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Ask the Experts: What Is E-consent? What Are E-signatures?

What Does E-consent Mean to the IRB?

Electronic consent can refer to the process by which a participant’s signature is obtained and documented electronically, and it can also refer to other aspects of the informed consent process. E-consent can describe the exact representation of the IRB-approved document on an electronic device as well as refer to a consent process using electronic devices and audio-visual aids. The Department of Health and Human Services (HHS) Office for Human Research Protections (OHRP) and the Food and Drug Administration (FDA) have issued a joint guidance titled Use of Electronic Informed Consent in Clinical Investigations – Questions and Answers.

Is an E-signature Different from E-consent?

Yes, but often the terms are used interchangeably which can lead to confusion. E-signature is specific to the documentation of consent while e-consent refers to the process of consent which includes technology and can support or replace a face-to-face, wet-ink signature process. In the draft guidance, “Electronic Systems, Electronic Records, and Electronic Signatures in Clinical Investigations Questions and Answers,” the FDA defines e-signature as “a computer data compilation of any symbol or series of symbols executed, adopted, or authorized by an individual to be the legally binding equivalent of the individual’s handwritten signature.” FDA does not define e-consent.

Is E-consent Different from Remote Consent?

E-consent can be used as part of a remote consent process, but remote consent does not necessitate that e-consent is utilized. For example, informed consent obtained via a telephone conversation with a paper copy of the signed consent mailed to the research site would be an example of remote consent that is not e-consent.

Does E-consent or Remote Consent Require IRB Review and Approval?

Yes. The consent process and any modification to the prior approved consent process must be submitted to the IRB for review and approval. Additionally, the IRB must review and approve the e-consent materials (including consent language) and any modifications to the e-consent materials that the participant will view or receive. The IRB must also review any e-consenting tools used in conjunction with a paper or e-consent, such as questions or methods used to gauge participant comprehension of key study elements. If an approved static consent form will not be altered, but will be uploaded to an electronic platform, the document does not need to be submitted as an e-consent. However, if additional technology is used to obtain consent when a static consent form is used, the process is considered e-consent, and how e-consent will be utilized in this scenario must be reviewed by the IRB.

WCG IRB’s specific requirements for review of e-consent can be found on page 24 of the WCG IRB Guide for Researchers. When WCG IRB approves a remote or e-consent process that is not part of a protocol or a separately submitted document, it is documented on Certificate of Action as “Alternative Consent Process approved.”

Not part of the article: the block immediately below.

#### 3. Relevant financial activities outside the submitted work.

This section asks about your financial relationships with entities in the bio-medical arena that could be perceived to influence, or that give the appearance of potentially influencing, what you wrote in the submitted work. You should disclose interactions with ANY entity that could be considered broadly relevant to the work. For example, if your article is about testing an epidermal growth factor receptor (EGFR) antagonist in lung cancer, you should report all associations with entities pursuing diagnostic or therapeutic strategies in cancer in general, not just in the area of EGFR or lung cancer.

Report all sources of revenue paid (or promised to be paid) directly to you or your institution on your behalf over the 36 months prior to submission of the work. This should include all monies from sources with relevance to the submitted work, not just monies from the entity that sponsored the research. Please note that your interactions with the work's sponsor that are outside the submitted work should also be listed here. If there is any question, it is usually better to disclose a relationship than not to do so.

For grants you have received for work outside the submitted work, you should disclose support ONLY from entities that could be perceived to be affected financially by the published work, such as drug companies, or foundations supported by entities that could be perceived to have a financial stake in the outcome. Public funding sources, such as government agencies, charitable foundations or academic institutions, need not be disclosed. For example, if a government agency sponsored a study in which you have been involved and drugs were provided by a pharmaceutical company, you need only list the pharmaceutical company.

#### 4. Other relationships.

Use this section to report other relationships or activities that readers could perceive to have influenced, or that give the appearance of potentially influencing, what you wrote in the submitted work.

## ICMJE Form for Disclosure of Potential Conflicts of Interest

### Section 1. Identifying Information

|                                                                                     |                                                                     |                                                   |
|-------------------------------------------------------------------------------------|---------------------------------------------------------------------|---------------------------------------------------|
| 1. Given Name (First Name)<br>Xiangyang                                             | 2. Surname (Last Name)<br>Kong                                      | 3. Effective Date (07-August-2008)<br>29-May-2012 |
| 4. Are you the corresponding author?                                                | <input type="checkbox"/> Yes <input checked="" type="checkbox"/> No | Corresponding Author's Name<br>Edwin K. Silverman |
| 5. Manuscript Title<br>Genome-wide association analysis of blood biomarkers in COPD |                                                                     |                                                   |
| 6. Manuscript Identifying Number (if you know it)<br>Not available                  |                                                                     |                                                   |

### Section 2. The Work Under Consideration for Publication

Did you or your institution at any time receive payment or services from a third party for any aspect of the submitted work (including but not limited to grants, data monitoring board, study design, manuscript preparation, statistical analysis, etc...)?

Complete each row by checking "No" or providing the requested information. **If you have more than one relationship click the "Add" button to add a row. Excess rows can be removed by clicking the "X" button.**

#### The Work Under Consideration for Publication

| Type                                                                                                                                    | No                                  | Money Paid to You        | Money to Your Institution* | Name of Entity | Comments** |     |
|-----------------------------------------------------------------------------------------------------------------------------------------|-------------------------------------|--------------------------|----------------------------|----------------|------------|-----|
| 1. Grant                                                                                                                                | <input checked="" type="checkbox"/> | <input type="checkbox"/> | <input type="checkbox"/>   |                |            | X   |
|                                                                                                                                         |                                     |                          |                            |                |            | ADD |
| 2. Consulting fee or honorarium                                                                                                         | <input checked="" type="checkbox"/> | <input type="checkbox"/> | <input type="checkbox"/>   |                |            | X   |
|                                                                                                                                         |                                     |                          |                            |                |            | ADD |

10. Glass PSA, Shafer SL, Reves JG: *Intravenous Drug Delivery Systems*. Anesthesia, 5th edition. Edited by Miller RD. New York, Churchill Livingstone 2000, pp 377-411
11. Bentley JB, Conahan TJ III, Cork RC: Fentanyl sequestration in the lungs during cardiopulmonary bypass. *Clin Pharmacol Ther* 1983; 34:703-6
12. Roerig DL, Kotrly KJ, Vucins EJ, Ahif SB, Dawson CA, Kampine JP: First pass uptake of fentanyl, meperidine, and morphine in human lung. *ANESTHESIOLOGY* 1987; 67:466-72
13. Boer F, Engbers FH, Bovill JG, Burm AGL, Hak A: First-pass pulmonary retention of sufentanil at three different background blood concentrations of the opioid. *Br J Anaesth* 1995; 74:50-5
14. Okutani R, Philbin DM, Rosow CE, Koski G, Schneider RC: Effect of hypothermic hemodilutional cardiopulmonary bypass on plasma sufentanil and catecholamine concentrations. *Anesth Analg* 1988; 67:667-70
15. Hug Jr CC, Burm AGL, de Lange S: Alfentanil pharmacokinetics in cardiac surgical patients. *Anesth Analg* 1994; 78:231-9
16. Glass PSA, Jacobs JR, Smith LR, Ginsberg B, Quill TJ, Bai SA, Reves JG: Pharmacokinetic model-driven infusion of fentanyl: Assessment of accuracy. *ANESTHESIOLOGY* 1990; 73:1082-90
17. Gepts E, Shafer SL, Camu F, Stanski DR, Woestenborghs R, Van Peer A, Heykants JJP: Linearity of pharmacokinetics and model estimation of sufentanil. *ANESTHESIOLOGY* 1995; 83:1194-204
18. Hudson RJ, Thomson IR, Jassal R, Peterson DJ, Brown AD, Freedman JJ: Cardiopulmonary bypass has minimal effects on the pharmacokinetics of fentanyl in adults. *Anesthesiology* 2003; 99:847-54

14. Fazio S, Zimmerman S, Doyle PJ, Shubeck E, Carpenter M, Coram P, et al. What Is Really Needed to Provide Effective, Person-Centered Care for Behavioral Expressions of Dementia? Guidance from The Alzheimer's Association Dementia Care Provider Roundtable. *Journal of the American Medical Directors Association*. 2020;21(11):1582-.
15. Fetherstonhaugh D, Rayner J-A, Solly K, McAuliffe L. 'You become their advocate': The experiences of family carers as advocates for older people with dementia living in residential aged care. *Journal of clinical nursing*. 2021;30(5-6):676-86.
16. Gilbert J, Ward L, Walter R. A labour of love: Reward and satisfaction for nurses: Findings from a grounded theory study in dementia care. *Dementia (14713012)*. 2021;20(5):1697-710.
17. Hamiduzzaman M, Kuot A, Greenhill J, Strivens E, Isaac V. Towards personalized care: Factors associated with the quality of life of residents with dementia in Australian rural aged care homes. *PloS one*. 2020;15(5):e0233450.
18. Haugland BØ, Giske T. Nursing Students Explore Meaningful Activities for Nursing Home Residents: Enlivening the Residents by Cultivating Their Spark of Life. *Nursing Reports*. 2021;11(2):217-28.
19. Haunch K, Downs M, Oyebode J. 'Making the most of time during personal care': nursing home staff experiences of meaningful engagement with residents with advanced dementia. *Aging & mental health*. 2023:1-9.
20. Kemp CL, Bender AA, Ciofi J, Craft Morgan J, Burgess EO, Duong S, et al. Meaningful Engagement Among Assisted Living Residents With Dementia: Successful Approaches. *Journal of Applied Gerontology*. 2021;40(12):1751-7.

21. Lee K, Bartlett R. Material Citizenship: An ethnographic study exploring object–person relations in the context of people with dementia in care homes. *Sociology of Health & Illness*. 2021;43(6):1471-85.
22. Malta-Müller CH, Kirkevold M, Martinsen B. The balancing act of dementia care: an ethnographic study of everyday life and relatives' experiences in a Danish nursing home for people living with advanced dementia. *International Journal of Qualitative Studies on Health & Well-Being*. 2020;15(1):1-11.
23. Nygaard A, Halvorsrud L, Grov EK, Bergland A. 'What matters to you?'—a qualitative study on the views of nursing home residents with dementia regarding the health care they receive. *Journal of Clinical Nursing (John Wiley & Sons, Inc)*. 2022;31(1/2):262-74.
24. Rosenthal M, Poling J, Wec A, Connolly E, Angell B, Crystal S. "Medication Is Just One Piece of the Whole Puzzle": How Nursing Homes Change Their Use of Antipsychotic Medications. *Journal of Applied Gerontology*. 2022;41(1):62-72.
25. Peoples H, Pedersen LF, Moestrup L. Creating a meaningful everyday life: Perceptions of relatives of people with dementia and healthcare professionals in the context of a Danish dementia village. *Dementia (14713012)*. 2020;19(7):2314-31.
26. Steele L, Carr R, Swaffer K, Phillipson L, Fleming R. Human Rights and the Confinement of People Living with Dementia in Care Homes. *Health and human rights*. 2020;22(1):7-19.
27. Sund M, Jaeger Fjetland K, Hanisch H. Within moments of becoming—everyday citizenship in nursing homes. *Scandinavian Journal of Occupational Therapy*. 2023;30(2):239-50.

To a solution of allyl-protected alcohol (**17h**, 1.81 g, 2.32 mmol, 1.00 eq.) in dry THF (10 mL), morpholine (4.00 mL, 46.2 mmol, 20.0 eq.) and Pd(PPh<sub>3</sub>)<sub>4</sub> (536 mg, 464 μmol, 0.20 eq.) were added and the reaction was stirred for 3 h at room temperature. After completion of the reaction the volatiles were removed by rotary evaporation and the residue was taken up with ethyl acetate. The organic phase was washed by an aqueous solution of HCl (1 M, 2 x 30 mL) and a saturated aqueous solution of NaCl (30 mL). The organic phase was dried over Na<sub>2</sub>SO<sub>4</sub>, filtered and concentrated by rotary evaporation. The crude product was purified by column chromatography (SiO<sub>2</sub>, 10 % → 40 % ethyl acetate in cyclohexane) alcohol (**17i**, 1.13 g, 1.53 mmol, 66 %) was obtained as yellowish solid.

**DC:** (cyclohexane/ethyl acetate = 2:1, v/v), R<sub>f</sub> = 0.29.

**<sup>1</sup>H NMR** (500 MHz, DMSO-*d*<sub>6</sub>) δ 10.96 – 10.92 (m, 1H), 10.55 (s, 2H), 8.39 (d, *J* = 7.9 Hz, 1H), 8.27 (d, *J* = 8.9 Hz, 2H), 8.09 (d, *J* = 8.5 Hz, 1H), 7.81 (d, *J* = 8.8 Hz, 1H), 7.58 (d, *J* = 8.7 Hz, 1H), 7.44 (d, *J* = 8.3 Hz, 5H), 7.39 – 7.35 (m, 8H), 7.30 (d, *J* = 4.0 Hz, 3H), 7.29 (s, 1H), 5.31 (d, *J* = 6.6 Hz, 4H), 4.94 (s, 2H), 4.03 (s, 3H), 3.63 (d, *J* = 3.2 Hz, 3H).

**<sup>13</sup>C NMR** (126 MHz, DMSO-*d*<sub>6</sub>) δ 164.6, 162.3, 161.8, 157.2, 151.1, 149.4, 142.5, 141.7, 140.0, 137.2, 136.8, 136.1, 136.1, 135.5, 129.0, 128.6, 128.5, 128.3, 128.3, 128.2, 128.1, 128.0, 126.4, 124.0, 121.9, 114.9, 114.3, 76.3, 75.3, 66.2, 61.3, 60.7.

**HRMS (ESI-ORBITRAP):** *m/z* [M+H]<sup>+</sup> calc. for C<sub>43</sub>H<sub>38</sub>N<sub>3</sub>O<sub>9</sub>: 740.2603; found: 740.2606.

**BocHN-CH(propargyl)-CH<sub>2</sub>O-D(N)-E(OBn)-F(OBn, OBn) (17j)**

Does the IRB Consider Compliance with 21 CFR 11 (part 11)?

If the research is FDA-regulated and the submission indicates that the consent signature will be obtained and documented electronically, the IRB will ask the submitter to confirm that the system used to generate electronic signatures is compliant with 21 CFR Part 11. Part 11 does not apply to wet ink signatures that are uploaded to an electronic system. Part 11 compliance is also not required if a wet-ink signature is scanned and uploaded by the participant and transmitted via email or fax to the investigative site.

Do All Consent Requirements Still Apply?

Yes, all elements of consent required by 21 CFR 50.25 and 45 CFR 46.116 must be present in e-consent forms. When implementing an e-consent process that is remote or asynchronous, special consideration should be paid to the availability of the research team for questions. Additionally, the process should ensure that the participant receives a copy of the consent document. FDA guidance recommends that the consent form provided to the participant is a signed copy which includes the date of the signature.

What About E-consent for Non-FDA Regulated Research?

The consent process and any modification to the consent process must be submitted to the IRB for review and approval. If the research is not subject to FDA regulation, the Part 11 requirements do not apply to the e-signature. In addition, for research that meets the requirements, a waiver of documentation of consent by the IRB would make signatures not required. Furthermore, in “Use of Electronic Informed Consent Questions and Answers,” the HHS has provided the following guidance:

“OHRP recognizes that it may not be possible or necessary for all types of research covered by 45 CFR part 46 to verify that the person signing the informed consent is the subject or the subject’s LAR who will be participating in the research study. OHRP encourages investigators to apply a risk-based approach to the consideration of subject identity. For example, social behavioral minimal risk research will not typically warrant such verification. In addition, informed consent may be waived for minimal risk research meeting the requirements t 45 CFR 46.116(d).”

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